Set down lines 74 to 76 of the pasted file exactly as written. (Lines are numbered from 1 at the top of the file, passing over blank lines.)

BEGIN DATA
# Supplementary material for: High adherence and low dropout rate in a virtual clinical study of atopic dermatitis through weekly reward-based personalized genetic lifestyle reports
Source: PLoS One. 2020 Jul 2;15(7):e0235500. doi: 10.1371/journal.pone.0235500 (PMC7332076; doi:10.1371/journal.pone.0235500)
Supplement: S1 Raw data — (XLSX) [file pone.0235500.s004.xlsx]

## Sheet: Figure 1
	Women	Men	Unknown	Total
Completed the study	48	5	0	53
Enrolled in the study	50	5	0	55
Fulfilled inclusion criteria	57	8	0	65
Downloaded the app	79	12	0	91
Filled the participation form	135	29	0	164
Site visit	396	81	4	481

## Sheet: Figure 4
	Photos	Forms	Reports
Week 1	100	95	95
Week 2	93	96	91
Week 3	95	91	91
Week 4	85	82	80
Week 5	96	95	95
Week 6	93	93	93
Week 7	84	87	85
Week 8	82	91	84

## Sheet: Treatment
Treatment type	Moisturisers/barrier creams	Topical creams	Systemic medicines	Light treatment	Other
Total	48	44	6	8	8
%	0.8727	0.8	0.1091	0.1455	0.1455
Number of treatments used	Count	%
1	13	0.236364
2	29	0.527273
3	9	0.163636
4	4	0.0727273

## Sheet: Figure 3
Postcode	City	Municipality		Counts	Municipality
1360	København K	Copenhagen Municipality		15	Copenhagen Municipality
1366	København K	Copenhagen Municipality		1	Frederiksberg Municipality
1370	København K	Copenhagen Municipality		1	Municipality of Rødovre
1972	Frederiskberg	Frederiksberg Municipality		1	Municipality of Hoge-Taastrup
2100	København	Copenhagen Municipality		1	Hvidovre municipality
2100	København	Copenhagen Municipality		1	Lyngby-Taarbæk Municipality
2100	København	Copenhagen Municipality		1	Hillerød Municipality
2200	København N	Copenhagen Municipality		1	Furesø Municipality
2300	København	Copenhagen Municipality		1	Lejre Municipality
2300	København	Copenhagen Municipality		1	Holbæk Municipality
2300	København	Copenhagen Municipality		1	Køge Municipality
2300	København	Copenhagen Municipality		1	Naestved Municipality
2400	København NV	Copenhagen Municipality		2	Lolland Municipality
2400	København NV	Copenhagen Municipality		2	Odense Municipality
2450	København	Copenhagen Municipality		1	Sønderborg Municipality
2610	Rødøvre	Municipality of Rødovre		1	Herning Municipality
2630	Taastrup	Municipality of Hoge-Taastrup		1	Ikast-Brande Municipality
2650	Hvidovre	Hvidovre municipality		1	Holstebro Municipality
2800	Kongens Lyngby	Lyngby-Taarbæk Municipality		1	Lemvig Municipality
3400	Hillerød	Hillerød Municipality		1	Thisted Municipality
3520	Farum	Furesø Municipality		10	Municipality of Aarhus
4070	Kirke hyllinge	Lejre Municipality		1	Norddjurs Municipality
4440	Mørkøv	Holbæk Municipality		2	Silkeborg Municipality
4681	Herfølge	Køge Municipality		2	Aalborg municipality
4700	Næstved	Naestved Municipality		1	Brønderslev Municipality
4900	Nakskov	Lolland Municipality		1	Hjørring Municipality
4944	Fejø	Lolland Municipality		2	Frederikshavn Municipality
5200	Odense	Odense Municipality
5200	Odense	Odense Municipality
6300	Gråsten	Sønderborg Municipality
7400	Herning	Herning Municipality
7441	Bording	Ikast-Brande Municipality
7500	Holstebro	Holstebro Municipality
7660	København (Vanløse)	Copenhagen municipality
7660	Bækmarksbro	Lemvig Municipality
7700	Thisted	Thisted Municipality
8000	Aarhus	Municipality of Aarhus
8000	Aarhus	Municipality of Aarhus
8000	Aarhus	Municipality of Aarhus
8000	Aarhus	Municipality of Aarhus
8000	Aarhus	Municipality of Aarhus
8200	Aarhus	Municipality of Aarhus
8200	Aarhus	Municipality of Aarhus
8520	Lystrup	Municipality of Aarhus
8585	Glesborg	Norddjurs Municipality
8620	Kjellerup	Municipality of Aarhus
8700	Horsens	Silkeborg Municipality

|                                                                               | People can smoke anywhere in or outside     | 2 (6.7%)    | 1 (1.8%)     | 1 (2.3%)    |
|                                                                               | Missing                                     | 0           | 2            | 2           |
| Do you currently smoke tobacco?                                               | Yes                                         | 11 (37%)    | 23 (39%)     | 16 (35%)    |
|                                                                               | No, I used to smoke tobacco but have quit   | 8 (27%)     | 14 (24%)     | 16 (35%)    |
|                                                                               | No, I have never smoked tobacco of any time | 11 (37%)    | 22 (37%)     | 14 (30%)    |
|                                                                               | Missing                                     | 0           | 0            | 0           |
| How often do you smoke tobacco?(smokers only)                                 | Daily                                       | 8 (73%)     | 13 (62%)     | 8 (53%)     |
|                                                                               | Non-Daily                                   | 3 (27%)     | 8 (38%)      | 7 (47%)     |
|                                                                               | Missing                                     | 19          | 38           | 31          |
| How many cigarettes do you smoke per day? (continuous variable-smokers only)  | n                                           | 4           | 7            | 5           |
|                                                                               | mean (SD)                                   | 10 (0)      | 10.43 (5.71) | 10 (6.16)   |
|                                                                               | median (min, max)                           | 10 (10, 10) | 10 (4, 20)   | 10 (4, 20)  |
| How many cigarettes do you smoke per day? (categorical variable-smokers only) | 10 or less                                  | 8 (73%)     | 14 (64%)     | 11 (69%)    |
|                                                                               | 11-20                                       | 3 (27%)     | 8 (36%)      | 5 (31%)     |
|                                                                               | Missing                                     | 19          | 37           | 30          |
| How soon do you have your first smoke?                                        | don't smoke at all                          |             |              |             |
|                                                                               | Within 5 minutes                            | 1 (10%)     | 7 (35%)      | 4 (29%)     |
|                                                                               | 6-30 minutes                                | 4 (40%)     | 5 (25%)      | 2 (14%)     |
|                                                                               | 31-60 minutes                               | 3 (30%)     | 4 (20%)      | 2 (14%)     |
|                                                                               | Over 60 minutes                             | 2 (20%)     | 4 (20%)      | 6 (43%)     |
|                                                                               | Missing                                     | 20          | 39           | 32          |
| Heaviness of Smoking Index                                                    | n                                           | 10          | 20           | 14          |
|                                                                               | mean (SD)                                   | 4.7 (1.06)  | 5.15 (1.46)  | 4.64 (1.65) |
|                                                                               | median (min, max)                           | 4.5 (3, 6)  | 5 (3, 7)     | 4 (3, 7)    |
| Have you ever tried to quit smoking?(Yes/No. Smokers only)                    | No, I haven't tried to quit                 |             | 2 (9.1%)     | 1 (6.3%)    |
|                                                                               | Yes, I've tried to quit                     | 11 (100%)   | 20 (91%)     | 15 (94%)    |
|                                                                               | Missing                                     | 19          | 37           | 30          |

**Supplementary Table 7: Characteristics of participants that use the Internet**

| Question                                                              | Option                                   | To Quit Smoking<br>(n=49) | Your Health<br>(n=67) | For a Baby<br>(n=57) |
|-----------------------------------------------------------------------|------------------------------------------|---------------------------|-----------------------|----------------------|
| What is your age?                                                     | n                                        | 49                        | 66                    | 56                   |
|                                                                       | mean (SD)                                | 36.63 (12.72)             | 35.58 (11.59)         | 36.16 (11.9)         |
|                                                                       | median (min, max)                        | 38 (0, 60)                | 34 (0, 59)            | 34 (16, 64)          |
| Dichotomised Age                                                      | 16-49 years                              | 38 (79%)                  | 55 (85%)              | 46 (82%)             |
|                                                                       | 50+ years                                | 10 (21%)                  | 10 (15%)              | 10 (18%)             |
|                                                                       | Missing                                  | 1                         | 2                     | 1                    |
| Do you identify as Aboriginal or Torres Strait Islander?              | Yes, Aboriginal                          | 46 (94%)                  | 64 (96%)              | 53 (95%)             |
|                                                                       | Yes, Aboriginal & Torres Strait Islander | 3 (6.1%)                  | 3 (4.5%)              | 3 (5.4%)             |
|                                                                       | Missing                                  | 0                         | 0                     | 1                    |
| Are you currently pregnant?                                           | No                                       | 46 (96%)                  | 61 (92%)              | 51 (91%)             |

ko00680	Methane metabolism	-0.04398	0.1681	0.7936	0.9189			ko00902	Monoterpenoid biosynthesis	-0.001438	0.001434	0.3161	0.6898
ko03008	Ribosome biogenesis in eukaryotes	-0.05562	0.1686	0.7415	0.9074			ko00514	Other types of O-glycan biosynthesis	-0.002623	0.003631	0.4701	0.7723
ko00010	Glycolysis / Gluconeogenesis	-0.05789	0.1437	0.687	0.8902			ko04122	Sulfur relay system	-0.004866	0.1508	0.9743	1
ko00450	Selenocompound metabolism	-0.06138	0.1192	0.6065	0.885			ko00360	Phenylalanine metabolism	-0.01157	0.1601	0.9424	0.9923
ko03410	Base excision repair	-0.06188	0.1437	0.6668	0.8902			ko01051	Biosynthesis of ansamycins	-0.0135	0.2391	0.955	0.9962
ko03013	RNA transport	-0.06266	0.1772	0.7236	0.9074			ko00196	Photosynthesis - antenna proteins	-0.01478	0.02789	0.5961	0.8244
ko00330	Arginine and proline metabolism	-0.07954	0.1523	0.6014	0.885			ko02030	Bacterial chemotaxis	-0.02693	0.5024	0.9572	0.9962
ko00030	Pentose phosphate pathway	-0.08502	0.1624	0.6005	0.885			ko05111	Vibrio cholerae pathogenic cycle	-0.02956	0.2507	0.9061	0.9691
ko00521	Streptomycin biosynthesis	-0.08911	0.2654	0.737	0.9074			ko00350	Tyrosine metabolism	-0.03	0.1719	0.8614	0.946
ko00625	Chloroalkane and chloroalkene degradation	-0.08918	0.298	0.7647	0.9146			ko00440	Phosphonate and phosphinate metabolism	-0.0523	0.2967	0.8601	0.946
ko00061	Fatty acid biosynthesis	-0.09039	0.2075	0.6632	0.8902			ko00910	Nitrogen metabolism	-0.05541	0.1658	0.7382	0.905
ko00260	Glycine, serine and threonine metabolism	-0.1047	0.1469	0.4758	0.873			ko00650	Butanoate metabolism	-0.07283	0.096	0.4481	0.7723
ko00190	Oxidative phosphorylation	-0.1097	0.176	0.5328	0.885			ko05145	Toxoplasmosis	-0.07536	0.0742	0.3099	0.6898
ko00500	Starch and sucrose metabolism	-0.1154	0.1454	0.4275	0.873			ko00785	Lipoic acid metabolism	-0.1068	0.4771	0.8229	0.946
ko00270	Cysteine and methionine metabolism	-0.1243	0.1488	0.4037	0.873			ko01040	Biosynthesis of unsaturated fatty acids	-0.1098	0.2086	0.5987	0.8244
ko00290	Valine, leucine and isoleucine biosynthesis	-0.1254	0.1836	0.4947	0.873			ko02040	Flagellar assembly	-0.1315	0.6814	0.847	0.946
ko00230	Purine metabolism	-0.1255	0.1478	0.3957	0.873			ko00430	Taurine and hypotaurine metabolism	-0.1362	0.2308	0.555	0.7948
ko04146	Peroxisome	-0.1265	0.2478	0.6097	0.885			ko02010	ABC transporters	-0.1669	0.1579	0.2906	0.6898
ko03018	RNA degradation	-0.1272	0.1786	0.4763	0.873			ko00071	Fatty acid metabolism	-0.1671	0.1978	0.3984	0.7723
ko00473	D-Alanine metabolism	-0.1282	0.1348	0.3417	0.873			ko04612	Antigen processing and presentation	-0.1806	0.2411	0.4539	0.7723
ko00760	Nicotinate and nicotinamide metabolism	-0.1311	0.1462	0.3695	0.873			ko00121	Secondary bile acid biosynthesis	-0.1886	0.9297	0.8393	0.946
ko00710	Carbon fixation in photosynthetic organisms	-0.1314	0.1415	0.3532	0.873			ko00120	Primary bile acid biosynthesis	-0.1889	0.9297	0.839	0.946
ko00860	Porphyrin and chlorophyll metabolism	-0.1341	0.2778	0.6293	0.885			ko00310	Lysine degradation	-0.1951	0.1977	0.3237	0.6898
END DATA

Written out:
8200	Aarhus	Municipality of Aarhus
8200	Aarhus	Municipality of Aarhus
8520	Lystrup	Municipality of Aarhus